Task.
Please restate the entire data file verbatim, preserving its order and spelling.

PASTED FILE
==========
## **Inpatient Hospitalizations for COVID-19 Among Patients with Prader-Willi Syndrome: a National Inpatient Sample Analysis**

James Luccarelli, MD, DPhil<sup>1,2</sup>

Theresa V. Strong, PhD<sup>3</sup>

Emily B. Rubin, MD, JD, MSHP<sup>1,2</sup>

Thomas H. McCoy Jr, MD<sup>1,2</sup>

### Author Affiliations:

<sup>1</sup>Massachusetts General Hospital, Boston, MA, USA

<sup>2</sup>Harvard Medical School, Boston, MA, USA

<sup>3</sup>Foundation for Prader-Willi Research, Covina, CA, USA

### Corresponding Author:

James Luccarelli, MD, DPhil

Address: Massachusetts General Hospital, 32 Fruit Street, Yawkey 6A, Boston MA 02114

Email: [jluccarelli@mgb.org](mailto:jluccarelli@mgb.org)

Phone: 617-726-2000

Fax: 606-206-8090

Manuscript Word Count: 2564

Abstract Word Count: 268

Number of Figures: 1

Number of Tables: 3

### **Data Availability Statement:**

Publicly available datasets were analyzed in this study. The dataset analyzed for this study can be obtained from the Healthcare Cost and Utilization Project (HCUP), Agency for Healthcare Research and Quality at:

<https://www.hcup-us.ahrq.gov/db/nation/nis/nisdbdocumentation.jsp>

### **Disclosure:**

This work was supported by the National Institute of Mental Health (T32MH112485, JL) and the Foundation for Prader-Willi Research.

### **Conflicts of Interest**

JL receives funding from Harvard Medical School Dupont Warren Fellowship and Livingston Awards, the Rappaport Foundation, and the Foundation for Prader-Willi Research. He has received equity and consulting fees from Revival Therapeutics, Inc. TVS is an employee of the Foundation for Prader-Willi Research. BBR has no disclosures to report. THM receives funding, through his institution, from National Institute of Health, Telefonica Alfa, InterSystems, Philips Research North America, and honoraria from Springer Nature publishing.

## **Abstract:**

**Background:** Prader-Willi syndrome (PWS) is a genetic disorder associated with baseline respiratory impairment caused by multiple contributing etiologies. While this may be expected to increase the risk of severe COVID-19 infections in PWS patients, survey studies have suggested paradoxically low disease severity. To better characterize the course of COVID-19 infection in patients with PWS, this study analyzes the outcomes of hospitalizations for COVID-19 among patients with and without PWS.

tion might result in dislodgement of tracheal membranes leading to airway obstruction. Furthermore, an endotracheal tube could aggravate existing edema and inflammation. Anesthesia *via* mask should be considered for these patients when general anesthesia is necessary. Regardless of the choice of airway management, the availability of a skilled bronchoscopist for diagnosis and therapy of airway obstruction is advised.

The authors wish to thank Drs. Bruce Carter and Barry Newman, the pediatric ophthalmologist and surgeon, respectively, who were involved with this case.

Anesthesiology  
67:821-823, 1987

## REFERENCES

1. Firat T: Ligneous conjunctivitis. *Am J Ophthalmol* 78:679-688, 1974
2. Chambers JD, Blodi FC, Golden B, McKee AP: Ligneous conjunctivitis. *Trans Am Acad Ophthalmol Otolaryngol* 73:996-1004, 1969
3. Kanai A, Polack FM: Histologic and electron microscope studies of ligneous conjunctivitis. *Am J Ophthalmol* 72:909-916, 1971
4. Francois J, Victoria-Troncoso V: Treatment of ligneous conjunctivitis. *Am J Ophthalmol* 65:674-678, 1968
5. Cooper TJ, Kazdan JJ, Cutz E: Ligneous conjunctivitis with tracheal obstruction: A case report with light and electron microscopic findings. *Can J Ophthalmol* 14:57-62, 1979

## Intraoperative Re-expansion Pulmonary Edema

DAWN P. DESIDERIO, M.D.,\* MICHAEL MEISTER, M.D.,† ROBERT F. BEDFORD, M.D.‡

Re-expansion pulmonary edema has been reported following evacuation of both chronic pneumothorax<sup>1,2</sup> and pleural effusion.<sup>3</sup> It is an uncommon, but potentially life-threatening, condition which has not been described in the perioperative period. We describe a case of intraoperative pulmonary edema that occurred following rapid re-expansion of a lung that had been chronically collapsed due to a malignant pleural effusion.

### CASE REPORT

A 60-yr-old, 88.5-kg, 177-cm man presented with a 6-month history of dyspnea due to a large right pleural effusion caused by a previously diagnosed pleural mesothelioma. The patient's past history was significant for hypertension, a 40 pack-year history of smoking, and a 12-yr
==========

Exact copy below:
## **Inpatient Hospitalizations for COVID-19 Among Patients with Prader-Willi Syndrome: a National Inpatient Sample Analysis**

James Luccarelli, MD, DPhil<sup>1,2</sup>

Theresa V. Strong, PhD<sup>3</sup>

Emily B. Rubin, MD, JD, MSHP<sup>1,2</sup>

Thomas H. McCoy Jr, MD<sup>1,2</sup>

### Author Affiliations:

<sup>1</sup>Massachusetts General Hospital, Boston, MA, USA

<sup>2</sup>Harvard Medical School, Boston, MA, USA

<sup>3</sup>Foundation for Prader-Willi Research, Covina, CA, USA

### Corresponding Author:

James Luccarelli, MD, DPhil

Address: Massachusetts General Hospital, 32 Fruit Street, Yawkey 6A, Boston MA 02114

Email: [jluccarelli@mgb.org](mailto:jluccarelli@mgb.org)

Phone: 617-726-2000

Fax: 606-206-8090

Manuscript Word Count: 2564

Abstract Word Count: 268

Number of Figures: 1

Number of Tables: 3

### **Data Availability Statement:**

Publicly available datasets were analyzed in this study. The dataset analyzed for this study can be obtained from the Healthcare Cost and Utilization Project (HCUP), Agency for Healthcare Research and Quality at:

<https://www.hcup-us.ahrq.gov/db/nation/nis/nisdbdocumentation.jsp>

### **Disclosure:**

This work was supported by the National Institute of Mental Health (T32MH112485, JL) and the Foundation for Prader-Willi Research.

### **Conflicts of Interest**

JL receives funding from Harvard Medical School Dupont Warren Fellowship and Livingston Awards, the Rappaport Foundation, and the Foundation for Prader-Willi Research. He has received equity and consulting fees from Revival Therapeutics, Inc. TVS is an employee of the Foundation for Prader-Willi Research. BBR has no disclosures to report. THM receives funding, through his institution, from National Institute of Health, Telefonica Alfa, InterSystems, Philips Research North America, and honoraria from Springer Nature publishing.

## **Abstract:**

**Background:** Prader-Willi syndrome (PWS) is a genetic disorder associated with baseline respiratory impairment caused by multiple contributing etiologies. While this may be expected to increase the risk of severe COVID-19 infections in PWS patients, survey studies have suggested paradoxically low disease severity. To better characterize the course of COVID-19 infection in patients with PWS, this study analyzes the outcomes of hospitalizations for COVID-19 among patients with and without PWS.

tion might result in dislodgement of tracheal membranes leading to airway obstruction. Furthermore, an endotracheal tube could aggravate existing edema and inflammation. Anesthesia *via* mask should be considered for these patients when general anesthesia is necessary. Regardless of the choice of airway management, the availability of a skilled bronchoscopist for diagnosis and therapy of airway obstruction is advised.

The authors wish to thank Drs. Bruce Carter and Barry Newman, the pediatric ophthalmologist and surgeon, respectively, who were involved with this case.

Anesthesiology  
67:821-823, 1987

## REFERENCES

1. Firat T: Ligneous conjunctivitis. *Am J Ophthalmol* 78:679-688, 1974
2. Chambers JD, Blodi FC, Golden B, McKee AP: Ligneous conjunctivitis. *Trans Am Acad Ophthalmol Otolaryngol* 73:996-1004, 1969
3. Kanai A, Polack FM: Histologic and electron microscope studies of ligneous conjunctivitis. *Am J Ophthalmol* 72:909-916, 1971
4. Francois J, Victoria-Troncoso V: Treatment of ligneous conjunctivitis. *Am J Ophthalmol* 65:674-678, 1968
5. Cooper TJ, Kazdan JJ, Cutz E: Ligneous conjunctivitis with tracheal obstruction: A case report with light and electron microscopic findings. *Can J Ophthalmol* 14:57-62, 1979

## Intraoperative Re-expansion Pulmonary Edema

DAWN P. DESIDERIO, M.D.,\* MICHAEL MEISTER, M.D.,† ROBERT F. BEDFORD, M.D.‡

Re-expansion pulmonary edema has been reported following evacuation of both chronic pneumothorax<sup>1,2</sup> and pleural effusion.<sup>3</sup> It is an uncommon, but potentially life-threatening, condition which has not been described in the perioperative period. We describe a case of intraoperative pulmonary edema that occurred following rapid re-expansion of a lung that had been chronically collapsed due to a malignant pleural effusion.

### CASE REPORT

A 60-yr-old, 88.5-kg, 177-cm man presented with a 6-month history of dyspnea due to a large right pleural effusion caused by a previously diagnosed pleural mesothelioma. The patient's past history was significant for hypertension, a 40 pack-year history of smoking, and a 12-yr